Ex: Original Sentence- Little is known of his mother, Nancy Hanks, who died in 1818, not long after the family had settled in the wilds of what is now Spencer co., Ind. Thomas Lincoln soon afterward married Sarah Bush Johnston, a widow; she was a kind and affectionate stepmother to the boy.

Paraphrasing- After Abraham Lincoln's mother passed in 1818, his father remarried to a women named Sarah Bush Johnston, who turned out to become a good stepmother as Abraham grew up.


Summarizing - This is when you are giving a short description to something that you read. This means that you still can't use the author's ideas, you have to rework the article you read into short paragraph that covers all of the main points in the paper.


Ex: Original Paragraph-Born on Feb. 12, 1809, in a log cabin in backwoods Hardin co., Ky. (now Larue co.), he grew up on newly broken pioneer farms of the frontier. His father, Thomas Lincoln, was a migratory carpenter and farmer, nearly always poverty-stricken. Little is known of his mother, Nancy Hanks, who died in 1818, not long after the family had settled in the wilds of what is now Spencer co., Ind. Thomas Lincoln soon afterward married Sarah Bush Johnston, a widow; she was a kind and affectionate stepmother to the boy. Abraham had almost no formal schooling—the scattered weeks of school attendance in Kentucky and Indiana amounted to less than a year; but he taught himself, reading and rereading a small stock of books. His first glimpse of the wider world came in a voyage downriver to New Orleans on a flatboat in 1828, but little is known of that journey. In 1830 the Lincolns moved once more, this time to Macon co., Ill.

Summarized Paragraph- Abraham Lincoln was born in Harden County, Kentucky on February 12, 1809. His father worked as a carpenter and also as a farmer. His mother died when Abraham was 9, and not much was ever really known about her. Though shortly after his mother's passing, his father remarried to a women named Sarah Bush Johnston. He mostly taught himself how to read, because he hadn't had much formal schooling between moving from Kentucky to Indiana.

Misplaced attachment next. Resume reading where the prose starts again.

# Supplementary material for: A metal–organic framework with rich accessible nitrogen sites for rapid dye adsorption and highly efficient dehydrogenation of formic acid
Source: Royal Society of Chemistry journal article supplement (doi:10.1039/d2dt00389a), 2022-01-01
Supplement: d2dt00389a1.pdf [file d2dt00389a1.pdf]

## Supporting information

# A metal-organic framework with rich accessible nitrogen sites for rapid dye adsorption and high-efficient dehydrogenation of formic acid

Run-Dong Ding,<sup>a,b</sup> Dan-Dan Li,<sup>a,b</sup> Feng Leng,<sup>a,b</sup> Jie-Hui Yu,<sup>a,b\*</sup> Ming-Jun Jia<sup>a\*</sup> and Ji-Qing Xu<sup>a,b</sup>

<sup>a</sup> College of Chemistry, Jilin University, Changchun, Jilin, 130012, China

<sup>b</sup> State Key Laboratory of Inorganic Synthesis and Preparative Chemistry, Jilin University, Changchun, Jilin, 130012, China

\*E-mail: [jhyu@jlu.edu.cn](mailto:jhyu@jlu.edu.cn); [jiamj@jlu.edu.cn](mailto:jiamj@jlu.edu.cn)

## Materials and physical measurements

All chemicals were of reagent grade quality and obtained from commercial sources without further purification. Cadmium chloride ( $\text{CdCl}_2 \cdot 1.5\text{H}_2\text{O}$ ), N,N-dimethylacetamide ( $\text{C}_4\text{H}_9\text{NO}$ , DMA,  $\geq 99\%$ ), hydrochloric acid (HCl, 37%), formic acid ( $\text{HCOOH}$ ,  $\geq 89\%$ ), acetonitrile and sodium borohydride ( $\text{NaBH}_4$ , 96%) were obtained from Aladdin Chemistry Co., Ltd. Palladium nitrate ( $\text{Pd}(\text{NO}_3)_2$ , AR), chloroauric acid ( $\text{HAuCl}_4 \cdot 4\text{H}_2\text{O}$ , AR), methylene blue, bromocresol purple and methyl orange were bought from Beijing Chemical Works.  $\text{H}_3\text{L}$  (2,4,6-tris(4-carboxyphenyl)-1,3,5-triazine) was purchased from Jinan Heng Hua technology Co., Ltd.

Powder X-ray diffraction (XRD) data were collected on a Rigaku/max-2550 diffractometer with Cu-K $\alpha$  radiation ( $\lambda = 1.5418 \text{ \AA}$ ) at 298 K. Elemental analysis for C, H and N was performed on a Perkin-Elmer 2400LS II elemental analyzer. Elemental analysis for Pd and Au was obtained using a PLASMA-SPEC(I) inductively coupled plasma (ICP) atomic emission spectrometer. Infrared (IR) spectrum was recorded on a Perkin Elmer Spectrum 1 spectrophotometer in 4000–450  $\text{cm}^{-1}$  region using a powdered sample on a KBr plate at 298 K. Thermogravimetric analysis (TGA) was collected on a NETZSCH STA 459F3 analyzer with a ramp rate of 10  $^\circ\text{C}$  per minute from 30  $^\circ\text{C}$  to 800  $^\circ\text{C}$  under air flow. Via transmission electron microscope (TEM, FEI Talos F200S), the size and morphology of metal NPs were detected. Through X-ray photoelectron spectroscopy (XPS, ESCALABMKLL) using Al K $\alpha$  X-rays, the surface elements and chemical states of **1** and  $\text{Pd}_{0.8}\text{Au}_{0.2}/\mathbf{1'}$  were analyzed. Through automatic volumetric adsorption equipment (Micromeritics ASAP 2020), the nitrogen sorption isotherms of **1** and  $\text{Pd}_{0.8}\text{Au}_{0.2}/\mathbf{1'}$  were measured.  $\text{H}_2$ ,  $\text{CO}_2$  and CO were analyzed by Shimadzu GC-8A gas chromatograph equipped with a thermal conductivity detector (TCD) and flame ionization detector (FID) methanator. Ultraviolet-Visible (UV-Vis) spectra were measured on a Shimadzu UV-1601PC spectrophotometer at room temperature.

What is Plagiarism?

Plagiarism is when you are taking other peoples' ideas and calling them your own. This happens when you are reading an article and are using sentences directly out of it without giving credit to the author of the article.

How do you avoid plagiarism?

To avoid plagiarism, you have to use quotation marks when quoting ANYTHING! Also another easy way to avoid it is to just give credit to the author of the article that you are reading. To avoid plagiarism you can also paraphrase, but make sure that you don't use any of the same main key words from the original phrase or sentence that you are paraphrasing.

MLA Citations

An MLA citation is a certain format of a citation. It is the one format that most people use when giving credit to the sources that they used in their project.


In Text Citations - This is when you insert the citation in the middle of you paragraph or paper. You do this mostly when you are giving credit to a quote that is in your paper.


Works Cited Page - You should have one of these at the end of every project or paper that you make or write. This is where you are giving credit to all of the sources that you used while making or writing your project or paper. If you don't give credit, it is considered plagiarism.

Citations (MLA Format)

  • "Abraham Lincoln." Columbia Electronic Encyclopedia, 6Th Edition (2015): 1. Middle Search Plus. Web. 11 Oct. 2015.
  • "Education World ® - Student Guide to Avoiding Plagiarism." Education World ® - Student Guide to Avoiding Plagiarism. N.p., n.d. Web. 11 Oct. 2015. <http://www.educationworld.com/a_curr/TM/curr390_guide.shtml>.